Peter Gordon is the editor of the Asian Review of Books (ARB), the only dedicated pan-Asian book review publication. The magazine is currently available electronically, and it is produced from Peter’s adopted hometown, Hong Kong. Peter arrived in the city in 1985, when he worked for an American computer company. Later, he founded Paddyfield, an on-line bookstore; he thus became involved with readers and writers in Hong Kong – now he is at the centre of the city’s book world. He was a founder of the Hong Kong International Literary Festival, which was initially run out of Paddyfield’s office, he set up Chameleon Press, an independent publisher specialising in Asian fiction and topical non-fiction, and he ran the Man Asian Literary Prize for its first two years. In addition to his work at ARB, he now contributes regularly to other English-language publications in Asia, and he is setting up the international authors' programme for the Hong Kong Book Fair.
I interviewed him via e-mail. I asked him to give a quick overview of the history of ARB: “It started 2000 as an adjunct to the various other things I was doing: publishing, bookselling, etc. Several years later, Pankaj Mishra suggested it should be expanded and formalised. This was discussed and kicked around for about another year, and it was the advent of the tablet that convinced me that an electronic-only magazine with long-form articles could in fact be readable. So we re-launched it at the Asia Society in New York in 2011.”
This blog does not cover all of geographic Asia, it considers Asia to be east to west from the Indian Subcontinent to Australia, and north to south from Mongolia to roughly Bali – so excluding West Asia / The Middle East. How does ARB define it? “More widely than that. For ARB Asia is the East Coast of the Mediterranean up to and including the Pacific.”
What about ARB’s editorial policy? “We focus on books that are Asian by author, subject or publisher. Insofar as there is a policy, it is mostly one of raising awareness: it is not unusual that we are the only regular publication to review a given book. Our larger purpose is to address inequalities. Asia, compared with the West, has a relative lack of platforms - think tanks, journals - in and through which non-Western points-of-view, policies, models, etc. can be rigorously discussed. The ARB is meant to be just what it says - a resource on Asia-related books - but it is also intended to be a place where intellectual and cultural positions can be laid out and developed. Books provide a focus and an anchor for further discussion, so it's not inappropriate that a book review publication has this ambition.”
Peter refused to be drawn on how long it might take for Asia to catch up with the West in developing cultural testing beds for new ideas: “These things take time, and one must do the straightforward things first and well. Nevertheless, ARB provides a piece of infrastructure, just as Chameleon Press, and the Hong Kong Literary Festival are in their own ways also pieces of infrastructure: they help the development of writers, and a literary culture. Paddyfield likewise. When I started it books were expensive in Hong Kong, and only the most basic selection was on offer. A universal e-commerce bookstore made books far more accessible than they had been.”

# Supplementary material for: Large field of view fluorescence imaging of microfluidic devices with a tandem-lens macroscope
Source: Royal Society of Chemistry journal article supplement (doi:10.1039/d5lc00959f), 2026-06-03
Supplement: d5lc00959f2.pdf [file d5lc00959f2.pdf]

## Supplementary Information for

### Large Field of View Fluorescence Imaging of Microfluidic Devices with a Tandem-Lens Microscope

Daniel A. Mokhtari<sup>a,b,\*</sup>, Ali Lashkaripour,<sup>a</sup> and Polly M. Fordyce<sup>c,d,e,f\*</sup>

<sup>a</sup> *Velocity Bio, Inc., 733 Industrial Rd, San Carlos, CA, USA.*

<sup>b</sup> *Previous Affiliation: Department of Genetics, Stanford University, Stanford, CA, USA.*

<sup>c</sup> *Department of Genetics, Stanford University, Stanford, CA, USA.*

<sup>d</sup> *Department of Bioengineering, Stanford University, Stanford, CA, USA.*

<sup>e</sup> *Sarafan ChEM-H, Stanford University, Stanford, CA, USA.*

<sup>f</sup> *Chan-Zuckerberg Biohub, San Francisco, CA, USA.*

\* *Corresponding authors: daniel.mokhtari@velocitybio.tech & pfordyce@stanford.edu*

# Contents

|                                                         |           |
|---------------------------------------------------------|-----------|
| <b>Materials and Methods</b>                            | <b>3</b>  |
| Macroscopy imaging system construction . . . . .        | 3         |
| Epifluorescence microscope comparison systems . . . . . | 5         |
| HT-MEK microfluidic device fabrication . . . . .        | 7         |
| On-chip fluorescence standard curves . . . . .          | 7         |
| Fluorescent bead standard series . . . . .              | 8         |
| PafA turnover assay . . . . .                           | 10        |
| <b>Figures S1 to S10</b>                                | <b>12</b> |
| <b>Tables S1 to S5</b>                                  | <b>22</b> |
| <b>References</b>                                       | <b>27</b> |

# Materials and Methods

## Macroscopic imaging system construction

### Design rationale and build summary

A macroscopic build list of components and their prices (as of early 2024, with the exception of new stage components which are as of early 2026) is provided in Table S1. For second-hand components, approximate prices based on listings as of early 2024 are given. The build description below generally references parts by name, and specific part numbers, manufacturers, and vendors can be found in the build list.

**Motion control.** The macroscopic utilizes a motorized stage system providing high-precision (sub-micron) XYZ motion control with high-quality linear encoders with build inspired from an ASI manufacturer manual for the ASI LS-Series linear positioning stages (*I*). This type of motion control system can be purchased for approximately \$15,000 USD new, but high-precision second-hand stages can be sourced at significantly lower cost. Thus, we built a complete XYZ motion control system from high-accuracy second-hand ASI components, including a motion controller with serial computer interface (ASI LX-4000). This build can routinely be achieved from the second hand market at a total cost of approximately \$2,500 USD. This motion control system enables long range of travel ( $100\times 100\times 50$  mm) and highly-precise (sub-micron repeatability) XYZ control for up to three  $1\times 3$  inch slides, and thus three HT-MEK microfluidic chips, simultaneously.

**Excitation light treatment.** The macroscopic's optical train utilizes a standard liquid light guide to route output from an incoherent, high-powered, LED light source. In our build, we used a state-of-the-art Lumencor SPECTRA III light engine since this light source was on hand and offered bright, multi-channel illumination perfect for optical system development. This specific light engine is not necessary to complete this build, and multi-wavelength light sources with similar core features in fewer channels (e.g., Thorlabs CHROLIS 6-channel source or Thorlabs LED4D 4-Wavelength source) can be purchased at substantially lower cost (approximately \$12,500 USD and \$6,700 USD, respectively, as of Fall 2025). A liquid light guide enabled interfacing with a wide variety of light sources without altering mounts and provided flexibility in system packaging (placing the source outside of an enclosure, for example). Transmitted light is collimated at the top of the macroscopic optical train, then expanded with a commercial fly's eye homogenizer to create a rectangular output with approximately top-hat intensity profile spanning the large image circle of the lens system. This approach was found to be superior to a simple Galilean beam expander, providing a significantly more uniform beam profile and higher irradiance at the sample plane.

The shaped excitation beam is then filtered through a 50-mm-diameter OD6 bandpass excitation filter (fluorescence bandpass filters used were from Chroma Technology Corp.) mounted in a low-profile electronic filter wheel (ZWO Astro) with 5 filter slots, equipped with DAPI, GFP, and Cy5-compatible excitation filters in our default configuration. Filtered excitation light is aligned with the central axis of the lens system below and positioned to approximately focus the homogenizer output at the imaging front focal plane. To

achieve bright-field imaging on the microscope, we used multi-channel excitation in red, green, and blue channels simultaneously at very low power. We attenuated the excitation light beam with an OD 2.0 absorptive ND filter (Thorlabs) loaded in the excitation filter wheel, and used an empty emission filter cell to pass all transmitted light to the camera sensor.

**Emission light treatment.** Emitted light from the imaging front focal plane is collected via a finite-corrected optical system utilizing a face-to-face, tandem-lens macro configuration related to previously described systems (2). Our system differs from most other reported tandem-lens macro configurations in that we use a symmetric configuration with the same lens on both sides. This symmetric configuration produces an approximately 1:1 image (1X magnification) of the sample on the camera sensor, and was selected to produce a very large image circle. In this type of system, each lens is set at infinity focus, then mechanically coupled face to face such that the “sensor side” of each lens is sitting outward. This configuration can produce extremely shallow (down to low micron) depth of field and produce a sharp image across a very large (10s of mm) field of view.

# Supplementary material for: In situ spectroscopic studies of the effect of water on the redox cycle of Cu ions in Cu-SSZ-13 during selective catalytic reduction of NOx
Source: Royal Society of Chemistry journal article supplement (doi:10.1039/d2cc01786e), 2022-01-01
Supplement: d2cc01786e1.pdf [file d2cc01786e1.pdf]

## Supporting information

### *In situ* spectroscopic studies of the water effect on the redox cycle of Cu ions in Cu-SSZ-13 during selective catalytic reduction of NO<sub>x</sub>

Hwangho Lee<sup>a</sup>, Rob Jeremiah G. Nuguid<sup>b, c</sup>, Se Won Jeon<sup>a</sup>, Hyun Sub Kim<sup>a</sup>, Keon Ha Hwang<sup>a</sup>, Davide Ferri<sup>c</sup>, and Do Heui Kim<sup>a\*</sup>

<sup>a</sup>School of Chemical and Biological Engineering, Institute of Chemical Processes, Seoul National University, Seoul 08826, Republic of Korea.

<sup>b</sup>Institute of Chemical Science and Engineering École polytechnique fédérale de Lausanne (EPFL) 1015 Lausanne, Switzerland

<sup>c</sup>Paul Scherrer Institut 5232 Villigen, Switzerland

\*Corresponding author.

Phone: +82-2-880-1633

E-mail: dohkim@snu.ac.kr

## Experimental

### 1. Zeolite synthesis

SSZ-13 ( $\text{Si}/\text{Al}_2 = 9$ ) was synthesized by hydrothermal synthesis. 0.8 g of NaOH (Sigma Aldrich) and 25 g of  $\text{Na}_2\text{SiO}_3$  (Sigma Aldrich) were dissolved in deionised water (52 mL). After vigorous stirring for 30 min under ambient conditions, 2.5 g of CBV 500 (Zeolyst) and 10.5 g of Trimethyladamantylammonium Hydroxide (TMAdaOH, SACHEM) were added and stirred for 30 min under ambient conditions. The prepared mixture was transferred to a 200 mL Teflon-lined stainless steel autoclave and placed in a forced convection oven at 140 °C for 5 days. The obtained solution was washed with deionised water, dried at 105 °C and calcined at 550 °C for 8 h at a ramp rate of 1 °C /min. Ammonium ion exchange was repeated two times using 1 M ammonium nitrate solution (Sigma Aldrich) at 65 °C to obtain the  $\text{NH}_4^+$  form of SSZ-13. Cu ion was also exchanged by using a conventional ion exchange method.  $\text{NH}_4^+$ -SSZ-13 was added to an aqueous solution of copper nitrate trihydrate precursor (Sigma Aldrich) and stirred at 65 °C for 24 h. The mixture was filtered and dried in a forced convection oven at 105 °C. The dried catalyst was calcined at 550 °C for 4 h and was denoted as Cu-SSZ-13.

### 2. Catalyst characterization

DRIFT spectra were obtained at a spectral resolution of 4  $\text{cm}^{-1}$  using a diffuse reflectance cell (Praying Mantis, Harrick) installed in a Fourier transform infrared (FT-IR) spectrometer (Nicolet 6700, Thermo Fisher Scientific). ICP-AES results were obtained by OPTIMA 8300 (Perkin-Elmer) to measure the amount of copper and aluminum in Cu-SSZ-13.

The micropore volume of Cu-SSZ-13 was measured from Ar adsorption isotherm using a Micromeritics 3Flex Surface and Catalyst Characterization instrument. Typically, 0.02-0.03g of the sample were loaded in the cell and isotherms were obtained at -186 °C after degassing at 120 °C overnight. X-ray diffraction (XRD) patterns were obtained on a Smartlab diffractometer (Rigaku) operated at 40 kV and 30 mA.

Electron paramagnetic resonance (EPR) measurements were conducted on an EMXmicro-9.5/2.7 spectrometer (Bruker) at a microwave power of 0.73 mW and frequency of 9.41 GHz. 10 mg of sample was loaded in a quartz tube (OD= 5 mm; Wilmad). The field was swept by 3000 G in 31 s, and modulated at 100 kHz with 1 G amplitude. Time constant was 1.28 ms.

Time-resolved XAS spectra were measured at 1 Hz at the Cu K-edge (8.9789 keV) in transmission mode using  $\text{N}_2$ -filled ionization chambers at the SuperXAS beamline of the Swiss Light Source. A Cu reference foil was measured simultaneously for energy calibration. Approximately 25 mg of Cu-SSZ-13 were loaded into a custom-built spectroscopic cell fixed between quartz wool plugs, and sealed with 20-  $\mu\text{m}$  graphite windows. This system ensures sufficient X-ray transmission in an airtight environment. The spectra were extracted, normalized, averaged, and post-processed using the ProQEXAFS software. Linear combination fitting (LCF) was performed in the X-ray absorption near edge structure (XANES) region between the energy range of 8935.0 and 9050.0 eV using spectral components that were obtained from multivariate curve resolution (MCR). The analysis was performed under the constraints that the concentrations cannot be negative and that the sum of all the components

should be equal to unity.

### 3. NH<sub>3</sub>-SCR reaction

Talking of Paddyfield, I wondered whether books were ever chosen for review in ARB simply to help drive sales through the store? “No. ARB and Paddyfield are not linked much at all. ARB is entirely non-commercial.”
What about Chameleon: are books published by Chameleon guaranteed a review in ARB? “No. It’s actually very complicated to combine ARB, which is entirely non-commercial, with the commercial operations of retail bookselling or book publishing. For example, The Asian Review of Books is global, while Paddyfield mostly serves Hong Kong - most readers of ARB would not be buy their books from Paddyfield. Similarly, ARB's success derives in no small part from its family of reviewers and contributors; what they want to review or write may not overlap with books published by Chameleon, or any given local or regional publisher."
Was Peter actively looking for reviewers? If so, could anybody apply? How? “I'm always looking for reviewers - but not actively! Anyone can apply: just email email@example.com. I'm looking for people who can write from experience, who are either writers themselves or who have particular areas of expertise. I should say it's probably just as important - maybe more important - that publishers know how to send review copies, especially Asian publishers. Publishers who want to request a review should look under the i button on the website.”
Finally, I asked Peter if he believed in an Asian Literary Scene? If so, what part is played in it by ARB? “There isn't an Asian Literary Scene but many different ones. Each country has its own literary scene and perhaps more than one. But these scenes should communicate with one another and interact, and the ARB is one way they can do so.”
In Other Words: a discussion about translation and translators
ARB has just published In Other Words, a fascinating discussion of translation and translators. Much Asian literature comes to readers via translation. So ARB invited five experts covering different languages, countries and parts of the process to discuss translations, translators and the role they play in bringing Asian literature to English-speaking readers. Read it here – it certainly meets Peter’s criteria of being well-argued, well-written, intellectually rigorous and novel!